It’s All About The Shizit

An Open Letter to Ms. Liz Kniss

Liz KnissMs. Kniss:

On Saturday (9/14/12) you really hit the s**t at the League of Women Voters’ candidates’ debate. (But you are no Mrs. Robinson. I saw The Graduate 29 times and you are no Mrs. Robinson.)

But you sure did hit the shizit. You found the fecal, Friend. It’s all out there now. Talk about putting your business in the street! It’s on now! Yes, it is out, Scout.

Seriously, you performed a great service. You identified what may well be the essence of support for the Vehicle Habitation Ordinance (VHO) for at least some part of the commuity. You seem to speak for—to use your phrase—“The Personal Business Faction.”

One of the proper functions of a leader is to highlight and communicate the essence of an issue–what really matters—for members of the public.

As I understand you, you are saying that for those opposed to allowing people to be free to live in/out of vehicles the main, motivating concern is where/how/when vehicle campers toilet themselves.

Is there some reason to think that houseless people forget their toilet training? Or that we are not able to figure out where bathrooms are? Don’t people using parks or just doing their jobs or chores or out running errands have the same challenge?

It can be messy, but it’s much better to get it out rather than hold it in. If it’s about the s**t, I say let it ALL hang out! I praise you for calling it what it is. So it’s about people’s personal business. I think you hit the mother lode.

It’s not about po’ folk having the nerve to live out of vehicles–when everyone knows the NORMAL thing to do would be living out of over priced housing like most everyone else in sunny Palo Alto—it’s this big unknown, nagging question, “Where do these people s**t?”

(I keep wondering if the people who seem to want to take away our vehicles have thought through where they want us to go after we lose those vehicles. Their lawns? Downtown sidewalks? The low-cost and below-market-rate housing that the Association of Bay Area Governments is “shoving down our throats”? Oh, that’s right, such housing is heavily resisted and avoided whenever possible.)

And a very white-bread, middle-class concern this is—the defecation location question. And don’t white-bread, middle-class concerns have a right to be represented and heard?

Where/how/when do houseless people s**t? Let me first say to all people so concerned—and I speak on behalf of a wide swath of hoboes, houseless, and transients when I say it–“Thank you, for making our fecal matters the focus of your concern. Who knew you even cared?”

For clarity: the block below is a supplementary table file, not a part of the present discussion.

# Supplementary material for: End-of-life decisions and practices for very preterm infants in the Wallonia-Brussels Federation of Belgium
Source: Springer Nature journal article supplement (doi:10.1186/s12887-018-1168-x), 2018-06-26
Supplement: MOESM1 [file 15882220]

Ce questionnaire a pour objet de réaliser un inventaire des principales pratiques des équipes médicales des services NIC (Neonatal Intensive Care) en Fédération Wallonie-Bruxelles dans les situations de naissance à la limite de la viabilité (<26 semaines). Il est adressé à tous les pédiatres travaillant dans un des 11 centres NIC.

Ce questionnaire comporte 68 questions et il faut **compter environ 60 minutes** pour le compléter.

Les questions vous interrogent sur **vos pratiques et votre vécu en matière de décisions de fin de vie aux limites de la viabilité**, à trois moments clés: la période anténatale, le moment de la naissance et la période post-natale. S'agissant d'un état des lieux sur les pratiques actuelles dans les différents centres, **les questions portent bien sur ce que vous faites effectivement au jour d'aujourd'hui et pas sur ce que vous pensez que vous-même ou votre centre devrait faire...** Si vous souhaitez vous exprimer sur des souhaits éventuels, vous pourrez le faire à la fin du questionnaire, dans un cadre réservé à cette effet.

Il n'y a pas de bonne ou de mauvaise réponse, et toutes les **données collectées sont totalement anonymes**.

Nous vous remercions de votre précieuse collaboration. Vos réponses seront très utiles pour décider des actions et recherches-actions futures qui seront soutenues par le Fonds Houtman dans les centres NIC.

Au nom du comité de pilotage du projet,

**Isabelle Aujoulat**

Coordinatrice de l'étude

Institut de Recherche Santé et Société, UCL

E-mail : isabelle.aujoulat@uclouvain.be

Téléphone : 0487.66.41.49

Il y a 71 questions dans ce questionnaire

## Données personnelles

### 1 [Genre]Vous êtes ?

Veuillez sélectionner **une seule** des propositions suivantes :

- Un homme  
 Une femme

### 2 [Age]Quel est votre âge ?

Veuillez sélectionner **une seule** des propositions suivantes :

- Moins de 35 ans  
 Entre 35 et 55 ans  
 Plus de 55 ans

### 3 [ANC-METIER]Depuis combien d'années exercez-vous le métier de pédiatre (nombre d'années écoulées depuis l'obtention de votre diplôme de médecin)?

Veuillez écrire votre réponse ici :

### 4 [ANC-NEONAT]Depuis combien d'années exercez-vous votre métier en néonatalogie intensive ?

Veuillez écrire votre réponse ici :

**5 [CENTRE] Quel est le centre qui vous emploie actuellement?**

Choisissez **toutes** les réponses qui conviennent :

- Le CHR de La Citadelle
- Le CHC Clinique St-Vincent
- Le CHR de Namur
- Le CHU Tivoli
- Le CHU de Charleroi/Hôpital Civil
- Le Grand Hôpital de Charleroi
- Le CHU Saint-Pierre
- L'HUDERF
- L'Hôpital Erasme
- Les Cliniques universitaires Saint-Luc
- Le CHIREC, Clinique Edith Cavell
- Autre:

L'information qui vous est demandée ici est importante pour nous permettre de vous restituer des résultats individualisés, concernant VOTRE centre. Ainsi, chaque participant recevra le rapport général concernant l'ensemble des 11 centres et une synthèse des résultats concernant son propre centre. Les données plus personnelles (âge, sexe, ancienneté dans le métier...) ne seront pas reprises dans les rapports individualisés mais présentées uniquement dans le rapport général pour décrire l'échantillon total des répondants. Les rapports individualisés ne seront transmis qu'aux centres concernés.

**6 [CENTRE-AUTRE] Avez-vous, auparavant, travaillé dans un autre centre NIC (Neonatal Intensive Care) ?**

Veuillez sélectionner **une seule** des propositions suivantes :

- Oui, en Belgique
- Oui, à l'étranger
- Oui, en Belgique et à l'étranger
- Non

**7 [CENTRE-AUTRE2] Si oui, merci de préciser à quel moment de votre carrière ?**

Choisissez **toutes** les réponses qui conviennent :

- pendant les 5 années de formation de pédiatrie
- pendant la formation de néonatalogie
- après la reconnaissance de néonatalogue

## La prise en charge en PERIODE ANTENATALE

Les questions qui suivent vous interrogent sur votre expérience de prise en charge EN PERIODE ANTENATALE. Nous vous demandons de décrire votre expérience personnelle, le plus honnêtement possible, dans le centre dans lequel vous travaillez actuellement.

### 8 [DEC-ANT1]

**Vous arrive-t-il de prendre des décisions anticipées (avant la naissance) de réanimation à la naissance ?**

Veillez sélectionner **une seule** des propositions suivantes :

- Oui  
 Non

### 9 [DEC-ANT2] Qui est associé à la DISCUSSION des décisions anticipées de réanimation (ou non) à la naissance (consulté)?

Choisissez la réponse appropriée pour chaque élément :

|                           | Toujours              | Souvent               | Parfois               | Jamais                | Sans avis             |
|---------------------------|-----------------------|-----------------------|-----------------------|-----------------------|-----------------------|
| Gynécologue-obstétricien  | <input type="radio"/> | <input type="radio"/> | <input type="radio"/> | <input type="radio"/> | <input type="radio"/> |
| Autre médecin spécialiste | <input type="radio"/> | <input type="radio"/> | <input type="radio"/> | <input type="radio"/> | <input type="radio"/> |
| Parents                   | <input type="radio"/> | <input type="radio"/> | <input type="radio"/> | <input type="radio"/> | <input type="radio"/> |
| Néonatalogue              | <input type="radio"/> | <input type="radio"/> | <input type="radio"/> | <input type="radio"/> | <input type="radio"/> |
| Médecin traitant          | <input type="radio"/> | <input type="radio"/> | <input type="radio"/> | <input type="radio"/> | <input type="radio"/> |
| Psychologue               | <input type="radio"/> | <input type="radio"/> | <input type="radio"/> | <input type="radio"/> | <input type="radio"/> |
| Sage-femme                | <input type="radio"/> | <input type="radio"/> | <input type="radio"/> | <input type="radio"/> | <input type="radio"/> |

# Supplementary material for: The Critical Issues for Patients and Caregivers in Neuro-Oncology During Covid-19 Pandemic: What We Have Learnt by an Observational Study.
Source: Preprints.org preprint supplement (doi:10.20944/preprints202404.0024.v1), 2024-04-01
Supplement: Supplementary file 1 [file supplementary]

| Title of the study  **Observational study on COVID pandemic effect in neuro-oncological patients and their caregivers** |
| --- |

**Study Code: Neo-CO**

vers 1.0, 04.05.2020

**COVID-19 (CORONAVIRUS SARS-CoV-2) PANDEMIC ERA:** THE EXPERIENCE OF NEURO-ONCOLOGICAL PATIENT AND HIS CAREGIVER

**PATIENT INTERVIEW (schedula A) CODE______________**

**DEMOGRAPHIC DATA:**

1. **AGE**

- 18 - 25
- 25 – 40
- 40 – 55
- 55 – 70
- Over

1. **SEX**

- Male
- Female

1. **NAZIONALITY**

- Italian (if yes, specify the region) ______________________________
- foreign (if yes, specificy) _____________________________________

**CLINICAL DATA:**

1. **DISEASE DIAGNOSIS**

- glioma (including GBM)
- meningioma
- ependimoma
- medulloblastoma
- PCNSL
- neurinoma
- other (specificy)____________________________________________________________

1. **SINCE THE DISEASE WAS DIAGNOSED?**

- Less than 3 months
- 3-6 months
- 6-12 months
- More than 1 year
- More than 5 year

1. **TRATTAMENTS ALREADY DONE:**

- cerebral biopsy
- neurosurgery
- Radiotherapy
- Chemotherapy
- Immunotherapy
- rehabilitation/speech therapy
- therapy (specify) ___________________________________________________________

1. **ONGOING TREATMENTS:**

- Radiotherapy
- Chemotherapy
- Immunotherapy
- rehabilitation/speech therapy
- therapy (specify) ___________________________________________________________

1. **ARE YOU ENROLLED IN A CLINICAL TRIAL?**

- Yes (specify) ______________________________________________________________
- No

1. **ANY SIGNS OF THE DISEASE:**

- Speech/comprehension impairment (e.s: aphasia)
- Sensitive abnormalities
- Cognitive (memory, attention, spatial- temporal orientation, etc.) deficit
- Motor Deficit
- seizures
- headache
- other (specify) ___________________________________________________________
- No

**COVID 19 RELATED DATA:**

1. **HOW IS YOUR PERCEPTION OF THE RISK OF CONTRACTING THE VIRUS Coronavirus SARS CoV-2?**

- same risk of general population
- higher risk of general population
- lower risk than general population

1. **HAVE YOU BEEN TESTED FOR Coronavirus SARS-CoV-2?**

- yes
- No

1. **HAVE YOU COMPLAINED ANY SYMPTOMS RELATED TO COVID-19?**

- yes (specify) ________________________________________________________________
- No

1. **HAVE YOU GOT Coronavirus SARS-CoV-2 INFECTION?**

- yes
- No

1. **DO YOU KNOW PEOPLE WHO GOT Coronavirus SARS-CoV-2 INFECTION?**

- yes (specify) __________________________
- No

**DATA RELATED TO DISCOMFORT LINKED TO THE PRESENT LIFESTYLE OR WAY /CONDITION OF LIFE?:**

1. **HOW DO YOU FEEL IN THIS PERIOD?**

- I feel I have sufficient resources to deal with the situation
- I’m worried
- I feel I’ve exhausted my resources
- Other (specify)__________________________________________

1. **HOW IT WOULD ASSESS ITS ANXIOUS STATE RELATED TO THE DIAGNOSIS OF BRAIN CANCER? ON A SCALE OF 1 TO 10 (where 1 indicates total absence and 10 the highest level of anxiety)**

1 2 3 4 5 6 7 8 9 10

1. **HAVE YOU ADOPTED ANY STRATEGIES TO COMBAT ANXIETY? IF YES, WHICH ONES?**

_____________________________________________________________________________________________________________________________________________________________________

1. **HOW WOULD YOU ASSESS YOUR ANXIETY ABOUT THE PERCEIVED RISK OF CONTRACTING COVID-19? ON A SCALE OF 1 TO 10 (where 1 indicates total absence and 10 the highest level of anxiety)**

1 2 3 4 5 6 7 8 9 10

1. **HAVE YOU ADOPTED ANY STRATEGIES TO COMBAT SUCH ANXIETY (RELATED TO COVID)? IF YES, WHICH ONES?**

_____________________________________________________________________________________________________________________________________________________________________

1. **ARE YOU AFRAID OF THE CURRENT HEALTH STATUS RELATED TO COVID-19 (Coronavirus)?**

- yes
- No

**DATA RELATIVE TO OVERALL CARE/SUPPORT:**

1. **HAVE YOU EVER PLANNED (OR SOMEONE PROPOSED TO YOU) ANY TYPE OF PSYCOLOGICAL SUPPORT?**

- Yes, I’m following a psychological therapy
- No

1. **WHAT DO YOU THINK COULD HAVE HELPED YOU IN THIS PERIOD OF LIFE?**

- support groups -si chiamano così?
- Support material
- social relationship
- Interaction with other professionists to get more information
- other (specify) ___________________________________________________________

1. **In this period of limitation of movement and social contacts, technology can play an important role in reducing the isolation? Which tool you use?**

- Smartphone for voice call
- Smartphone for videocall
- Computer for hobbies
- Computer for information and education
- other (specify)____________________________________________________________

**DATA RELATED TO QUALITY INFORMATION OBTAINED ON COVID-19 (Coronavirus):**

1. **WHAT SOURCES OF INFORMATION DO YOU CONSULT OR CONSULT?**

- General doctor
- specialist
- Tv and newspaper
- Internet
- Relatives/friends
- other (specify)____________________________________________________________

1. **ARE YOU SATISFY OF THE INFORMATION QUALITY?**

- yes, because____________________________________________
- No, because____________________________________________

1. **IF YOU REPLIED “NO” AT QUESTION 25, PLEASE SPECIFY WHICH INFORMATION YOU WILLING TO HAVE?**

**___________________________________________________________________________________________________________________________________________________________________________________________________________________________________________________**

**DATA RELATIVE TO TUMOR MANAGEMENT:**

Let me assure you all that we all take care of our toileting issues much the way you all do, with just a little less convenience.  Maybe. For all I know, my bathroom issues may be less burdensome than yours.

You’d have to ask others who sleep in cars and on the ground to get a fuller picture, but it seems to me you just figure out somewhere you can use a toilet before you go to bed and go use it before you go to bed.

Thanks to the generosity of private Palo Alto residents, there are a number of bathrooms available 24/7 in the City, even though the City itself has a policy against allowing bathrooms in parks to be available at night. Sometimes the City builds parks purposely without bathrooms. Sometimes it just closes them at night. That’s another but related matter.

I’ve been houseless here in Palo Alto for three years this past July.  I slept in the tilt-back front seat of my car in the alley behind Happy Donuts for the first year.  I just went in Happy Donuts and used the bathroom there whenever I needed to.  There is also a bathroom Jim Davis is kind enough to leave open 24/7 in his Valero station on the corner of Los Robles and El Camino Real, just down the street from Happy Donuts.

And there’s another always-open bathroom in the Safeway on Middlefield that’s open all night.  That’s not an exhaustive list, but you get the idea.  There ARE bathrooms available.  There should be MORE bathrooms available–for us, for parents and grandparents who have to take their kids home from parks because there’s no bathroom there, for shoppers, bicyclists, walkers, seniors–just folks who might need one.

After my year in the front seat of my car in the alley behind Happy Donuts, I developed swollen lower legs. I slept out on the ground in a couple of secluded spots.

Then I went into the shelter in the Armory in Sunnyvale the following winter.  That is a fine program. I was reluctant at first. But after one night, I never left. Being able to sleep safe on a mattress on a flat floor was much better for my legs—much better than when they weren’t supported in my front seat.

After the Armory closed at the end of March, I slept outside again, but it was still kind of chilly. I’d get up in the middle of the night and go to the Coin Wash next to Happy Donuts and sleep on the folding table in the back. Almost no one washed clothes there after two a.m.

Eventually I applied and got into the Hotel de Zink where you rotate from one church to another for three months.  It’s also a fine shelter program.  Both the Armory and the Hotel de Zink had bathrooms, warmth, safety, and you could stretch out flat. Plus you got a meal every night and breakfast in the morning. In the Hotel de Zink you got lunch-making materials also.

Now I’m back sleeping in my car. I lost a bunch of weight and learned from a very tall unsheltered friend who asked if she could sleep on the front seat of my car one night that I could curl up on the back seat. At least my legs are on the same level with my heart, which the doctor says is mad important for heart health. I park near Happy Donuts and have the use of their bathroom again.